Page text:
In many ways Netflix is the present of entertainment, so predicting it is also the future isn’t exactly a major leap. Yet there is disagreement among analysts whether Netflix can take over the entertainment world for $7.99 a month. The disagreement is unusual in that while the naysayers admit Netflix can make money, content producers like TBS and HBO make more money, largely because of their relationship with advertisers.
The counter to that argument states that advertisers may be able to dictate terms to others in the industry; they have no power over Netflix and consumers love them for that very reason. Netflix has also fired a warning shot across the bow of content producers by churning out their own award winning content. House of Cards, Marco Polo, Orange is The New Black, Bojack Horseman and Daredevil are all compelling evidence that HBO needs Netflix worse than Netflix needs them. Here are four reasons Netflix is going to be the company still standing when the smoke from the entertainment battlefield finally clears.
The same content is a better experience on Netflix than on cable. Watching the same show on cable requires sitting through commercials, banners and all manner of intrusive advertising. There’s none of that on Netflix...at least not yet. I can watch an hour show in 40 minutes. Content providers have taken to speeding up the play rate of shows so they can squeeze in an extra ad. Netflix focuses on the user experience, content providers focus on revenue. Netflix wins.
You can watch Netflix on virtually any device, though I haven’t seen any tests on an Apple watch yet. Sitting in the dentist waiting room or waiting on your doctor is now time you can fill your mind with shows like Cosmos or a National Geographic special on your phone. Or just watch a movie. As a quick and largely unscientific experiment, I ran a similar test on our local news stations, none of which would load or play content on my Android tablet reliably.
With Netflix you’re not fixed to a time and date for a particular show or dependent on some type of recording device. You can get the shows you want, when you want. It is the ultimate convenience that has given rise to the relatively new phenomenon of binge watching. That's when people will spend hours catching up on one series. Binge watching has become a form of “staycation” for many, a little escapism mini-vacation of sorts. In the history of technology it’s always safe to bet on convenience.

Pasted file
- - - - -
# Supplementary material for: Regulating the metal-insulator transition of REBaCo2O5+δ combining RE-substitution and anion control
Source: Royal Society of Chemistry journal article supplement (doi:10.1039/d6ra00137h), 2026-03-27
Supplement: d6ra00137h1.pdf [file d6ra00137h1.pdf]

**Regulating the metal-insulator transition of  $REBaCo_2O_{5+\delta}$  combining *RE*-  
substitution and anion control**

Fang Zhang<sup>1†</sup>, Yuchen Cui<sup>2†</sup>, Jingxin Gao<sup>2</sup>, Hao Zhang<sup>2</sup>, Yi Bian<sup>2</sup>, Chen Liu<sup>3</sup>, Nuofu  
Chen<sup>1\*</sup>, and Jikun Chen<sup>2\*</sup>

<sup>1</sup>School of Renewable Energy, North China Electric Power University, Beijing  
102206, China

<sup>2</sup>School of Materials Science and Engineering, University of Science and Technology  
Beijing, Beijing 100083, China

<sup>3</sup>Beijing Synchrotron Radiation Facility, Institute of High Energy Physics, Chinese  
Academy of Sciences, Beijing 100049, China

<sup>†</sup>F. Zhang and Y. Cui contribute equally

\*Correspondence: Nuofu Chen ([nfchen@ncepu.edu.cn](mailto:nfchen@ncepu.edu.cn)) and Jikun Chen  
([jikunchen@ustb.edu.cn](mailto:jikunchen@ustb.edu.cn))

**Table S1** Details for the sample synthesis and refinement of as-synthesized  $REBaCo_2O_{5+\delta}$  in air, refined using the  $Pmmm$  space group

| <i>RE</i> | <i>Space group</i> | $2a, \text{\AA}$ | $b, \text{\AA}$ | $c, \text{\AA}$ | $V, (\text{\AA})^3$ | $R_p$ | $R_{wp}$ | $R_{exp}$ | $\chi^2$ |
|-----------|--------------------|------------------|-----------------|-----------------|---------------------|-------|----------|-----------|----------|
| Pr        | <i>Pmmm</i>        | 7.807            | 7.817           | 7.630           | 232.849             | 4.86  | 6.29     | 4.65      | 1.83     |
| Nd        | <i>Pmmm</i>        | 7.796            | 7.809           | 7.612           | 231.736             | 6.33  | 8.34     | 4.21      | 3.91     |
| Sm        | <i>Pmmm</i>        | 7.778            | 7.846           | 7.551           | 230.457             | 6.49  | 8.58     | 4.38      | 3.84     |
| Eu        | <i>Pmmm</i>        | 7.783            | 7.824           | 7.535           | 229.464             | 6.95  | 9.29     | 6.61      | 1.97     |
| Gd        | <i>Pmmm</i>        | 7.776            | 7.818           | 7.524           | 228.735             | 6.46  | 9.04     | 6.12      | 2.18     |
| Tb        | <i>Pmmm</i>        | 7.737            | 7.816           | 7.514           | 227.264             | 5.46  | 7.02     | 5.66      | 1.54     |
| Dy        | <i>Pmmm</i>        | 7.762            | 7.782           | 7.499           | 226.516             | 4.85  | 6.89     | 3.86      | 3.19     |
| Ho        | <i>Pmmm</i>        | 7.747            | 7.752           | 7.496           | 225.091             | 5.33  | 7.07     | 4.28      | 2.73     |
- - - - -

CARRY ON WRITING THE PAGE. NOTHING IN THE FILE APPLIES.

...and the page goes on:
The Competition Stinks
The future of entertainment delivery becomes really clear when you survey the competition. Cable providers, satellite providers and broadcast television have all been slow to react to the new competitive model and the few efforts they have made have been dismal. Even when a company called Aereo tried to drag local television, kicking and screaming, into the modern world of online delivery they were basically sued out of existence. Cable, satellite and local broadcasters are all locked into a business model that doesn’t fit the modern world and, instead of innovating a new way forward, they’re stuck in yesterday’s business model. To understand why all you have to do is watch your local news and count the number of car commercials.
Recently I was at a hotel in Orlando and propped my tablet on the table in the restaurant for breakfast and used the hotel wifi to watch an episode of House. Despite attempts by some providers like AT&T to make content more available, they fall short of the most basic things you can do with Netflix. That’s why there is no doubt that Netflix will come out on top.